Under the requirements of Singapore’s Personal Data Protection Act 2012 (PDPA), the Personal Data Protection Commission (PDPC) is the enforcement agency tasked with the responsibility of monitoring compliance with the PDPA.
On November 11, 2014, the Connecticut Supreme Court held in Emily Byrne v. Avery Center for Obstetrics and Gynecology, P.C. (“Avery Center”) (SC 18904) that the federal Health Insurance Portability and Accountability Act (“HIPAA”) does not preempt state common law negligence and emotional distress claims against medical providers who improperly breach the confidentiality of a patient’s medical records and that “HIPAA may inform the applicable standard of care in certain circumstances.” In reaching its decision, the high court reversed the trial court’s dismissal of plaintiff Emily Byrne’s state common law causes of action for negligence and negligent infliction of emotion distress against Avery Center for releasing information about her pregnancy without her authorization in complying with a subpoena in a paternity action. Although other states have reached similar holdings, the Connecticut ruling is notable in light of the passage of the Health Information Technology for Economic and Clinical Health (“HITECH”) Act, which expanded HIPAA liability to business associates. As such, covered entities as well as their business associates risk increased exposure under HIPAA and state laws, including negligence, invasion of privacy and state privacy claims.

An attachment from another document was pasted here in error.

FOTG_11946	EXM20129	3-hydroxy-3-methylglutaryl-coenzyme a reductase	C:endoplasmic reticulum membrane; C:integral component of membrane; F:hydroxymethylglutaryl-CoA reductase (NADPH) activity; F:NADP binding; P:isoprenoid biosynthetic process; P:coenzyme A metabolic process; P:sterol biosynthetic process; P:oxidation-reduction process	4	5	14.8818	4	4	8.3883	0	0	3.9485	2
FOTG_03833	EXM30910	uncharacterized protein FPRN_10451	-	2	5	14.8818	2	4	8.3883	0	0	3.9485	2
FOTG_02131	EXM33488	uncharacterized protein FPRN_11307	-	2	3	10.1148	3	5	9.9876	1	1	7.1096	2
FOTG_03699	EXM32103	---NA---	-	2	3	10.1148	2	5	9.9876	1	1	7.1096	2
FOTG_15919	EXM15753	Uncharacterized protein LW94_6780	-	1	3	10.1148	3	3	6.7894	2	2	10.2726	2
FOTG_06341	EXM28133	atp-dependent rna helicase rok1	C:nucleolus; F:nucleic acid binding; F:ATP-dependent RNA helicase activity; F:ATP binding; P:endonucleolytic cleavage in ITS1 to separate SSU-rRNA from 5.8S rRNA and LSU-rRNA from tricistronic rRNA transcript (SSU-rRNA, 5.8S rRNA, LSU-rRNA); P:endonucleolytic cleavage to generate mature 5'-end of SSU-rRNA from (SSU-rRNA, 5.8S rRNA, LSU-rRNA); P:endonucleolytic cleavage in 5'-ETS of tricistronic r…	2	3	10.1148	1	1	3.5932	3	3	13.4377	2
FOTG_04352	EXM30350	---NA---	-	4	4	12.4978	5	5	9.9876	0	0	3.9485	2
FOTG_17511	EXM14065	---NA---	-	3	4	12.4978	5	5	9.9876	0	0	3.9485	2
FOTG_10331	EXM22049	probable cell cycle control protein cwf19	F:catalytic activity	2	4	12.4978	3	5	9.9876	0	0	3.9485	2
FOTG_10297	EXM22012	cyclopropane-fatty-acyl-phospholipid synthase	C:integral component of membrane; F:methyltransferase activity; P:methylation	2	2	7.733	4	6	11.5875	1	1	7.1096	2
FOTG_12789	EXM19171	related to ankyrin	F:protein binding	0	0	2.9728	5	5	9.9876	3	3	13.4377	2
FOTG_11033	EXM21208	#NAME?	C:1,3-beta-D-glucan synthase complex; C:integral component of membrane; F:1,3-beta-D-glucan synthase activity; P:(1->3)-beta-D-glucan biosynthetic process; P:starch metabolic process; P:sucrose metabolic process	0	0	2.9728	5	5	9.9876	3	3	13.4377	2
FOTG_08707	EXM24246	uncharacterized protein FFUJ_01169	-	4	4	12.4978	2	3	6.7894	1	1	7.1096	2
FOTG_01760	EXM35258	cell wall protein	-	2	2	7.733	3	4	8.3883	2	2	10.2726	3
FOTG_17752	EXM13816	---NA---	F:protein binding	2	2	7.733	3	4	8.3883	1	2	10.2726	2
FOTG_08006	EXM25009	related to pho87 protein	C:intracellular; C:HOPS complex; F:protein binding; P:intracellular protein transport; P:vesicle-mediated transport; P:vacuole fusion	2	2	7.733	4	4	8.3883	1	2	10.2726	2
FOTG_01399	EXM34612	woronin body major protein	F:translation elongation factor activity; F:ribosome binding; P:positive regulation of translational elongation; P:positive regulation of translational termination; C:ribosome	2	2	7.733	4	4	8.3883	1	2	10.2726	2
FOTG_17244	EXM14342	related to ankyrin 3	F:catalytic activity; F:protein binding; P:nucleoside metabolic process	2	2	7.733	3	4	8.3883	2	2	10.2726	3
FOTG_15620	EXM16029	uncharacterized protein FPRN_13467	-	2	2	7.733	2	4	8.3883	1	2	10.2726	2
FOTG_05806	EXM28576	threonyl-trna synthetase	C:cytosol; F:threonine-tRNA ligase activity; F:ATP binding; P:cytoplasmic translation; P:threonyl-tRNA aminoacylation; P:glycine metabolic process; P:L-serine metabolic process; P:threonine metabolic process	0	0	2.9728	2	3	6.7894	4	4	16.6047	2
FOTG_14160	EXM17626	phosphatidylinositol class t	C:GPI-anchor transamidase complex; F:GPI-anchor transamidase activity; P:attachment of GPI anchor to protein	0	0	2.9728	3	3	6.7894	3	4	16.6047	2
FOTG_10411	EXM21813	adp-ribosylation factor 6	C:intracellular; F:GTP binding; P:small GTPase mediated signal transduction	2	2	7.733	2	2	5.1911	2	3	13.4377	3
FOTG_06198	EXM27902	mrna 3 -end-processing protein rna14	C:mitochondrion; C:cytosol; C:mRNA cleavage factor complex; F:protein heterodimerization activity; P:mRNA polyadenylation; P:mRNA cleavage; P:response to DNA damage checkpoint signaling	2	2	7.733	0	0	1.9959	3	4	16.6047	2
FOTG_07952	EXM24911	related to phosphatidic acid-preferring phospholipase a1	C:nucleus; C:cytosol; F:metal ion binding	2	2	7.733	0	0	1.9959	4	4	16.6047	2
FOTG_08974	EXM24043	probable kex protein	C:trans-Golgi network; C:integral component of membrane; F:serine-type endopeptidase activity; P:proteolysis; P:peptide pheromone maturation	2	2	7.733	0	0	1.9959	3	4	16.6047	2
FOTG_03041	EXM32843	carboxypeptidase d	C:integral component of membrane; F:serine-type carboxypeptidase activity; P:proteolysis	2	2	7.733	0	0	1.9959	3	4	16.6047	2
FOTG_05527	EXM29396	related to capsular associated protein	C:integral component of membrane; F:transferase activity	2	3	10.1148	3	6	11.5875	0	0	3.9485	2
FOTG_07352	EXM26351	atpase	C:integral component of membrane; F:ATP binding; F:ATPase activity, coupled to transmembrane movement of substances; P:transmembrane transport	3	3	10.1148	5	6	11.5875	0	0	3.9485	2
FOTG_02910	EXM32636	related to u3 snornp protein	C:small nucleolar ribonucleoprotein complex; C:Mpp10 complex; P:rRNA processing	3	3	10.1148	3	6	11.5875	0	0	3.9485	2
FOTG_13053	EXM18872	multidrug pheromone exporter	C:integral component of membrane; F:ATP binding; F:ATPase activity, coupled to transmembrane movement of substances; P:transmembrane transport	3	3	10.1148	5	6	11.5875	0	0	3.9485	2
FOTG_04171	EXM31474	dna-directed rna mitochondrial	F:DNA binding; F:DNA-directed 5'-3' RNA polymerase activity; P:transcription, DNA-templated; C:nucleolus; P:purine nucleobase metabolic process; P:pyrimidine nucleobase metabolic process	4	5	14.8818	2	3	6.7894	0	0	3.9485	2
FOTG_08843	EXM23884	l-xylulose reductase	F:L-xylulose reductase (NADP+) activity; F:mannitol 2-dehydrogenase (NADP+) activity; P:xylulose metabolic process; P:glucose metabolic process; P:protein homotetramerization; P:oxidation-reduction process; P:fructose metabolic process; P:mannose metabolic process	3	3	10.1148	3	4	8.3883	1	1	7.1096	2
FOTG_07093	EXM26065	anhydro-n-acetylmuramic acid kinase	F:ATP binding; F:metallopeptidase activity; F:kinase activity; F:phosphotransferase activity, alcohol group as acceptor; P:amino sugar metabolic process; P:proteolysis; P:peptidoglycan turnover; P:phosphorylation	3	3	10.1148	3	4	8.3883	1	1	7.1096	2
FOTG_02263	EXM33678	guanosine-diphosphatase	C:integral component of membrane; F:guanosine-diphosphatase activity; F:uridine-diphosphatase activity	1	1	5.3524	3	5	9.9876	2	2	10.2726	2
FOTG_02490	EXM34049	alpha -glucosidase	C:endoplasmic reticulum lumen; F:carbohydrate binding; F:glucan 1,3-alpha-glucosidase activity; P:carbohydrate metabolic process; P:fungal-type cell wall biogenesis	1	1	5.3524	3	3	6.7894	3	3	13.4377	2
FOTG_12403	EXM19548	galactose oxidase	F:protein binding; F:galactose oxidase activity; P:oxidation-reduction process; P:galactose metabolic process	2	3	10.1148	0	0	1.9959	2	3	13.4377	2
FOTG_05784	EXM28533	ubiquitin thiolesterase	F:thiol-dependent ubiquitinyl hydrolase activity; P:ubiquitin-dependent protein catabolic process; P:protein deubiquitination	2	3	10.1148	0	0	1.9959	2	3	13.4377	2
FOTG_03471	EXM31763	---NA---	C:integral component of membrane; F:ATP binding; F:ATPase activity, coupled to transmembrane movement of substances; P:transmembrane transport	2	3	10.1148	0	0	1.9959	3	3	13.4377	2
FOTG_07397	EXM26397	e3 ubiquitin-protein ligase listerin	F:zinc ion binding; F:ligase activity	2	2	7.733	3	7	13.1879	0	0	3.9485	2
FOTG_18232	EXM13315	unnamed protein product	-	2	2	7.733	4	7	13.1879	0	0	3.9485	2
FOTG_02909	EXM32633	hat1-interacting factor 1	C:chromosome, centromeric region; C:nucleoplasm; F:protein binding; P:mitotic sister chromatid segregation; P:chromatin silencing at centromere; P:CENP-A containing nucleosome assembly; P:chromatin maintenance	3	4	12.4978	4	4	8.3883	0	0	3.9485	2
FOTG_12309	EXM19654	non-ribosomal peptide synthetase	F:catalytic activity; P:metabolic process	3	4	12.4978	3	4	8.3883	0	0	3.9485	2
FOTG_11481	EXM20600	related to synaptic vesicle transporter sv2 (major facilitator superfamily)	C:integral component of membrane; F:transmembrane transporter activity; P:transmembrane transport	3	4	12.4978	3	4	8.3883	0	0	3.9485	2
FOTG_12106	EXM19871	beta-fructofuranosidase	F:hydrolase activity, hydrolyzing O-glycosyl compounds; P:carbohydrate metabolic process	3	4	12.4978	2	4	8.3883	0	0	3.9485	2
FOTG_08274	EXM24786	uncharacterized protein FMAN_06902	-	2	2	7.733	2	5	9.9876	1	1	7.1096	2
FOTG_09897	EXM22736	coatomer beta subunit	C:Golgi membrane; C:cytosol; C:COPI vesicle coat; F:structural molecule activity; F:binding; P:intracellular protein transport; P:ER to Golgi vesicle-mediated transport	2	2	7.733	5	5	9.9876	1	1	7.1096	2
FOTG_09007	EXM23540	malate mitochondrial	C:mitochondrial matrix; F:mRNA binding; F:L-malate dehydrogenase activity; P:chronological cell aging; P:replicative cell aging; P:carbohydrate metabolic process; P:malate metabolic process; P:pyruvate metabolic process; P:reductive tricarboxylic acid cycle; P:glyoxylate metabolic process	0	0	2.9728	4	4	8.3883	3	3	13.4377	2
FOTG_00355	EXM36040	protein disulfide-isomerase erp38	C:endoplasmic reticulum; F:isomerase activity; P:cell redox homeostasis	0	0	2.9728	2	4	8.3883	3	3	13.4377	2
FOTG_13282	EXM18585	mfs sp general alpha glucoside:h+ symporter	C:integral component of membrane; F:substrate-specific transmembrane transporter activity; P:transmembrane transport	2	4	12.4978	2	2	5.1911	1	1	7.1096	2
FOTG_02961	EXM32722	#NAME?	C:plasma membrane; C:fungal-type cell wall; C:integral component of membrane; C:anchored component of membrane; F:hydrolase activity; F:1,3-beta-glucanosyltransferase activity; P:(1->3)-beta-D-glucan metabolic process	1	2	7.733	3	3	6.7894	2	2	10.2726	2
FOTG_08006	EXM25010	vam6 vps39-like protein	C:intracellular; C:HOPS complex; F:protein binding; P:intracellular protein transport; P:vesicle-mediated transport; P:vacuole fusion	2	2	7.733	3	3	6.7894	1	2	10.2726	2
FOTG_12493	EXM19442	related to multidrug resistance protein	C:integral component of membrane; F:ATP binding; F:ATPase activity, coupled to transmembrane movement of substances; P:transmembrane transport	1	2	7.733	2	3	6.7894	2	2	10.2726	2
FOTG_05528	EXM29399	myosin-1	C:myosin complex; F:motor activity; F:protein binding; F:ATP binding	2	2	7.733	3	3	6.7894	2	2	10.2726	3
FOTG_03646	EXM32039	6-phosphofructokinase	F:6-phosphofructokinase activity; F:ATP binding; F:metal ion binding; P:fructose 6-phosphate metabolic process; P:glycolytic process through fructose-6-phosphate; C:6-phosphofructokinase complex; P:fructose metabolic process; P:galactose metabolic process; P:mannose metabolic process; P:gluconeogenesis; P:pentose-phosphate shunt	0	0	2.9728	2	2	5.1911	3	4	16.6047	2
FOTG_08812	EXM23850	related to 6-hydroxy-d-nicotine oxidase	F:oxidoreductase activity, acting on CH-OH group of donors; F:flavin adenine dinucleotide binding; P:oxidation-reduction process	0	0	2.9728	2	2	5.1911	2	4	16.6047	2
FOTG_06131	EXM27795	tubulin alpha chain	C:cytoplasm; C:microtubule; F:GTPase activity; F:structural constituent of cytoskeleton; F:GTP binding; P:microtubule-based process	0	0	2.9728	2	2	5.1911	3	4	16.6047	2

Republicans scored historic victories in Tuesday night’s midterm elections, retaking the Senate majority for the first time since 2006 by adding at least seven seats and possibly as many as 10. The GOP increased its majority in the House of Representatives by at least 13 seats (with some races still undecided), achieving the largest House Republican majority since the Hoover Administration. And Republicans added three more governors to their ranks.
The first edition of The Privacy, Data Protection and Cybersecurity Law Review appears at a time of extraordinary policy change and practical challenge for this field of law and regulation. Several Sidley lawyers in the Privacy, Data Security and Information Law practice have contributed to this publication.
Editor’s Preface, Alan Charles Raul
- Chapter 1, “European Union Overview,” William Long, Geraldine Scali and Alan Charles Raul
- Chapter 2, “APEC Overview,” Catherine Valerio Barrad and Alan Charles Raul
- Chapter 9, “Hong Kong,” Yuet Ming Tham and Joanne Mok
- Chapter 12, “Japan,” Takahiro Nonaka
- Chapter 16, “Singapore,” Yuet Ming Tham, Ijin Tan and Teena Zhang
- Chapter 20, “United Kingdom,” William Long and Geraldine Scali
- Chapter 21, “United States,” Alan Charles Raul, Tasha D Manoranjan and Vivek Mohan
On July 17, 2014, the New York State Department of Financial Services (“DFS”) issued for public comment its proposed “BitLicense” regulatory framework1 (the “Regulations”) and an accompanying press release.2 The release of the proposed Regulations follows the DFS announcement on March 11, 2014 that DFS would consider proposals and applications in connection with the establishment of virtual currency exchanges in New York.3
California has been experiencing a wave of putative class actions under the California Invasion of Privacy Act (“CIPA”). A decision this week by a federal court judge in California could halt new case filings and lay the groundwork for the dismissal of pending actions.
In an era where cyber risk is almost daily news, governments have been working to develop tools to help businesses protect themselves against those who want to steal or misuse data.
Consumer class actions under California’s Song-Beverly Credit Card Act have been shaped by significant case law developments over the last few years. Friday’s Ninth Circuit decision in Sinibaldi v. Redbox is a decisive victory for retailers of rented goods which will allow them wide latitude to collect personal information, such as zip codes, when using credit cards as a form of security.